The defendant disclaimed any connection with the car at the time of his apprehension, or at any time subsequent to late Saturday evening when he abandoned the car on Eddy Street off Fillmore. The fact that he disclaimed any interest in the automobile searched or in the furs seized would not alone deprive him of the right to challenge the legality of a search of the car and the seizure of the furs. ( People v. Martin (1955) 45 Cal.2d 755, 759 [ 290 P.2d 855]; and see People v. Gale (1956) 46 Cal.2d 253, 257 [ 294 P.2d 13].) Nevertheless if, as the facts showed, the car did not belong to him, and was being sought by its owner's mother, the authorities were justified in impounding it until claimed by its rightful owner. ( People v. Smith, supra, 63 Cal.2d 779, 800-801.)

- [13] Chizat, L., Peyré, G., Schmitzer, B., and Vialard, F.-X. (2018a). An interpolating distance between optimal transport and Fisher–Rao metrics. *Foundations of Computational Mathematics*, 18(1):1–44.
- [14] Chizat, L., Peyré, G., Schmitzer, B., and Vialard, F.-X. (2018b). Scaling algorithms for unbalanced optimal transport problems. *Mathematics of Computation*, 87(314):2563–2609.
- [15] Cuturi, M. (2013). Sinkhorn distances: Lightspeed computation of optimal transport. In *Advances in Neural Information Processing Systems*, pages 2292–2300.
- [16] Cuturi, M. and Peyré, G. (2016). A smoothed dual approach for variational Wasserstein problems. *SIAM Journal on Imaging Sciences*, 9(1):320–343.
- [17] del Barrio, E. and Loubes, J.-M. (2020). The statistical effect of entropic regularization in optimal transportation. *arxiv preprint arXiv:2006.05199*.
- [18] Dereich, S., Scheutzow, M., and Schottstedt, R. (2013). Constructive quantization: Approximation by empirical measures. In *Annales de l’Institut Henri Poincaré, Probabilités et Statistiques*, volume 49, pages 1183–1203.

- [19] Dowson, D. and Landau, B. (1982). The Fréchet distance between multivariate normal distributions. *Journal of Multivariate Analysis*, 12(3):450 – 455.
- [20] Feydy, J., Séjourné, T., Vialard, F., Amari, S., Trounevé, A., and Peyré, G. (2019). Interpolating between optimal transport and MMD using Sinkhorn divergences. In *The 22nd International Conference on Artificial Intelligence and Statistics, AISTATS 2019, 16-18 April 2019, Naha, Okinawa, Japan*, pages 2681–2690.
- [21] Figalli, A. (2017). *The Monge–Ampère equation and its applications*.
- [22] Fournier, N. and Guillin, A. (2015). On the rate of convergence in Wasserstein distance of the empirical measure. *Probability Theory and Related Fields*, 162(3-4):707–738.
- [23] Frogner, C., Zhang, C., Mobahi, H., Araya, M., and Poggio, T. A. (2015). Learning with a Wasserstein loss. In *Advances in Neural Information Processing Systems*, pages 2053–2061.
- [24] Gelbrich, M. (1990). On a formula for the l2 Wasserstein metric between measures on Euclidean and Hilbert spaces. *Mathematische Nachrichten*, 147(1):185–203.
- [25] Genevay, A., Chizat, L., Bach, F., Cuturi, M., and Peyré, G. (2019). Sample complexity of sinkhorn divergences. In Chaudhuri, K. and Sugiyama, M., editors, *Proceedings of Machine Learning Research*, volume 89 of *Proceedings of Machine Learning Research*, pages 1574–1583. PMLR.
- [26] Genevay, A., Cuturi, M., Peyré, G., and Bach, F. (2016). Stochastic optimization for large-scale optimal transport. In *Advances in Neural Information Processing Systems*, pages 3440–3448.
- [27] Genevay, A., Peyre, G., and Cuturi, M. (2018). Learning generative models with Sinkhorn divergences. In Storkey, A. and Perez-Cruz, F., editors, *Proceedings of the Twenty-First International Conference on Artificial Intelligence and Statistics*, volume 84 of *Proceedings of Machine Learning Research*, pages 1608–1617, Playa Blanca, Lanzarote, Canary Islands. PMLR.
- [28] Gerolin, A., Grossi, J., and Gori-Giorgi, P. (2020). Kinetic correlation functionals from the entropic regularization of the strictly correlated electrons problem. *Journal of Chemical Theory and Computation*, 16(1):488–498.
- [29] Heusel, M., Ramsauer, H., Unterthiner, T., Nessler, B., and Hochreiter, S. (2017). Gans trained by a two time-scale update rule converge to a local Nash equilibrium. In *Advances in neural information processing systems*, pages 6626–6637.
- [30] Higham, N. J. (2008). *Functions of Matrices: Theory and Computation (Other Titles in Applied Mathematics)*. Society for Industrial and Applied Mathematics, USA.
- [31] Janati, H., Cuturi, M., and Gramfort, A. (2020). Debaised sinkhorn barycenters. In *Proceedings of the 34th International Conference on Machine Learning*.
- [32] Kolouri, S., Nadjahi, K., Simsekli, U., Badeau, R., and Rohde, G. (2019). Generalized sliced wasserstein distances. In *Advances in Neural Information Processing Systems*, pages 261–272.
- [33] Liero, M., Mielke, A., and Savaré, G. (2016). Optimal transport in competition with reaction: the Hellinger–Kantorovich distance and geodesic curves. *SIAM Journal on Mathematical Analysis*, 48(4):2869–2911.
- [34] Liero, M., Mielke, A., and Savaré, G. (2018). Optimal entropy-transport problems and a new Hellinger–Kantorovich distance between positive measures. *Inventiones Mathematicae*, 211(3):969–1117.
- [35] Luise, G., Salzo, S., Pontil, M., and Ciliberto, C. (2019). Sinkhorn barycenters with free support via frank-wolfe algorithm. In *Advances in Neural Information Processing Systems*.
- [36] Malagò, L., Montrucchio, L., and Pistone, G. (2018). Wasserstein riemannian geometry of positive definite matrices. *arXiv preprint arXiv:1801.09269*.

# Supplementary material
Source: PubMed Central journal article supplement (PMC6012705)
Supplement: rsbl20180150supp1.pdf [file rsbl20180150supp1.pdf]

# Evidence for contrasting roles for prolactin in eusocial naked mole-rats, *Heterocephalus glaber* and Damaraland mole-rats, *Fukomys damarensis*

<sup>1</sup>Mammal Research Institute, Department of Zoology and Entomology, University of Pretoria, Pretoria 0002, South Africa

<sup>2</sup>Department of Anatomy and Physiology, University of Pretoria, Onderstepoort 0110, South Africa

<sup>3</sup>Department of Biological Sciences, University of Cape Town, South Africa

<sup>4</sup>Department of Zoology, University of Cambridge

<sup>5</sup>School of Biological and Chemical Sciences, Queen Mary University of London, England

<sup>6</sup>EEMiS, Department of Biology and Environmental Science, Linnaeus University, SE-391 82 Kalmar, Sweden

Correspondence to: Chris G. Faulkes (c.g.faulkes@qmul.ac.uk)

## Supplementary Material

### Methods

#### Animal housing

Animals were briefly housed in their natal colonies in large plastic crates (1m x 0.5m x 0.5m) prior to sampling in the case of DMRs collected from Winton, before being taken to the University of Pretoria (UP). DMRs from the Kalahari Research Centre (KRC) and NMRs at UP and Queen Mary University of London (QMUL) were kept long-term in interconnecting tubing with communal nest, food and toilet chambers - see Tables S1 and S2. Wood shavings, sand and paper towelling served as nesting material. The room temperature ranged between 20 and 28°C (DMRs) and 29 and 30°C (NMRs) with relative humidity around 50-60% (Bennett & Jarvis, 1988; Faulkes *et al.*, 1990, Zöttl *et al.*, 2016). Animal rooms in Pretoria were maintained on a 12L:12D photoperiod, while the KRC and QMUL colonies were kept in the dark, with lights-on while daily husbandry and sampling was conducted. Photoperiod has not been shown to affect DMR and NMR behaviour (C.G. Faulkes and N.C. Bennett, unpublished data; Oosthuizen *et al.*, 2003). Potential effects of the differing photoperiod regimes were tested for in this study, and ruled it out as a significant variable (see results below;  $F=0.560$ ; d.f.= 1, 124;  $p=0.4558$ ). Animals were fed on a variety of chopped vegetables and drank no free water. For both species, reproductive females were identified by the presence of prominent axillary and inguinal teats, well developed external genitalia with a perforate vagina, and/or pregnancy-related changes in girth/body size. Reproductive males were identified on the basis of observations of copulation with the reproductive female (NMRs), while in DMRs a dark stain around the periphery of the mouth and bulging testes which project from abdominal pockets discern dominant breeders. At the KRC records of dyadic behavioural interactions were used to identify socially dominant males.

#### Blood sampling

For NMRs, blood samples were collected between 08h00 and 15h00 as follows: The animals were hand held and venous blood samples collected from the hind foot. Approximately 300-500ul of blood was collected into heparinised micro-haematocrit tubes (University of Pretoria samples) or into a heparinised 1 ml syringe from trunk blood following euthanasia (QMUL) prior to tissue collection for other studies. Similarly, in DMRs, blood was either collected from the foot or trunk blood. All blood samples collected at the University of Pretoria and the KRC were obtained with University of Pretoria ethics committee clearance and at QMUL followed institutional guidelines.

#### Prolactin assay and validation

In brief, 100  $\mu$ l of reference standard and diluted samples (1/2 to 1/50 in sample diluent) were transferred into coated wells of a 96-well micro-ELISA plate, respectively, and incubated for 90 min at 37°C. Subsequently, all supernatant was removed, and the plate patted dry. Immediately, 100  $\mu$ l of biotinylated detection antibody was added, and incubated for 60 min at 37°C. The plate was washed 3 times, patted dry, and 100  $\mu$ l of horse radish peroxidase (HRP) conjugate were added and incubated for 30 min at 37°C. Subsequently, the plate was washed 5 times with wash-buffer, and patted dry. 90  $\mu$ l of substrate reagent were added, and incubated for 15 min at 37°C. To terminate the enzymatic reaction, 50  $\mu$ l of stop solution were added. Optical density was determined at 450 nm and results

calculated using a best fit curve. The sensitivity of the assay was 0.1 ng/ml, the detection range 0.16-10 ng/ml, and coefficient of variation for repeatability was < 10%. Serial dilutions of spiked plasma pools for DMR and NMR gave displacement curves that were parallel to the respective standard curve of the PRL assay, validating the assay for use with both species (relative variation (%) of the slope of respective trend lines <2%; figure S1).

[2b] There is no merit to defendant's objections to his arrest, or to the use against him of the evidence taken from the car, either at the scene, or subsequently while it was in police custody. The court properly denied his motion to suppress, and overruled the objections he made on the grounds that the evidence was illegally obtained.
 On June 22, 1965, at 10 a.m., Inspector Eugene Osuna visited the defendant at city prison. Inspector Osuna advised the defendant that he did not have to make a statement, that he had a right to have an attorney present, and that anything he said would be used against him. The defendant declared that he did not wish to make a statement until he had seen his attorney. Osuna testified that when he was taking defendant back to the compound defendant said, "About that car, I was never in a car." Osuna said that, when he pursued the subject, the defendant declared, "Well, I'd rather not talk about it now."
Osuna testified that he then questioned Todd, and at the latter's request the defendant was brought to the interview. The inspector asked Todd if he had any connection with the burglary, and Todd replied: "No. You better talk to Mr. Norman about it. . . . The only thing in my case was that I happened to be found in the car. I was in the restaurant, and my girl friend, Willie Sanders, came over and got me. We came back, sat in the car, and I was arrested at that time."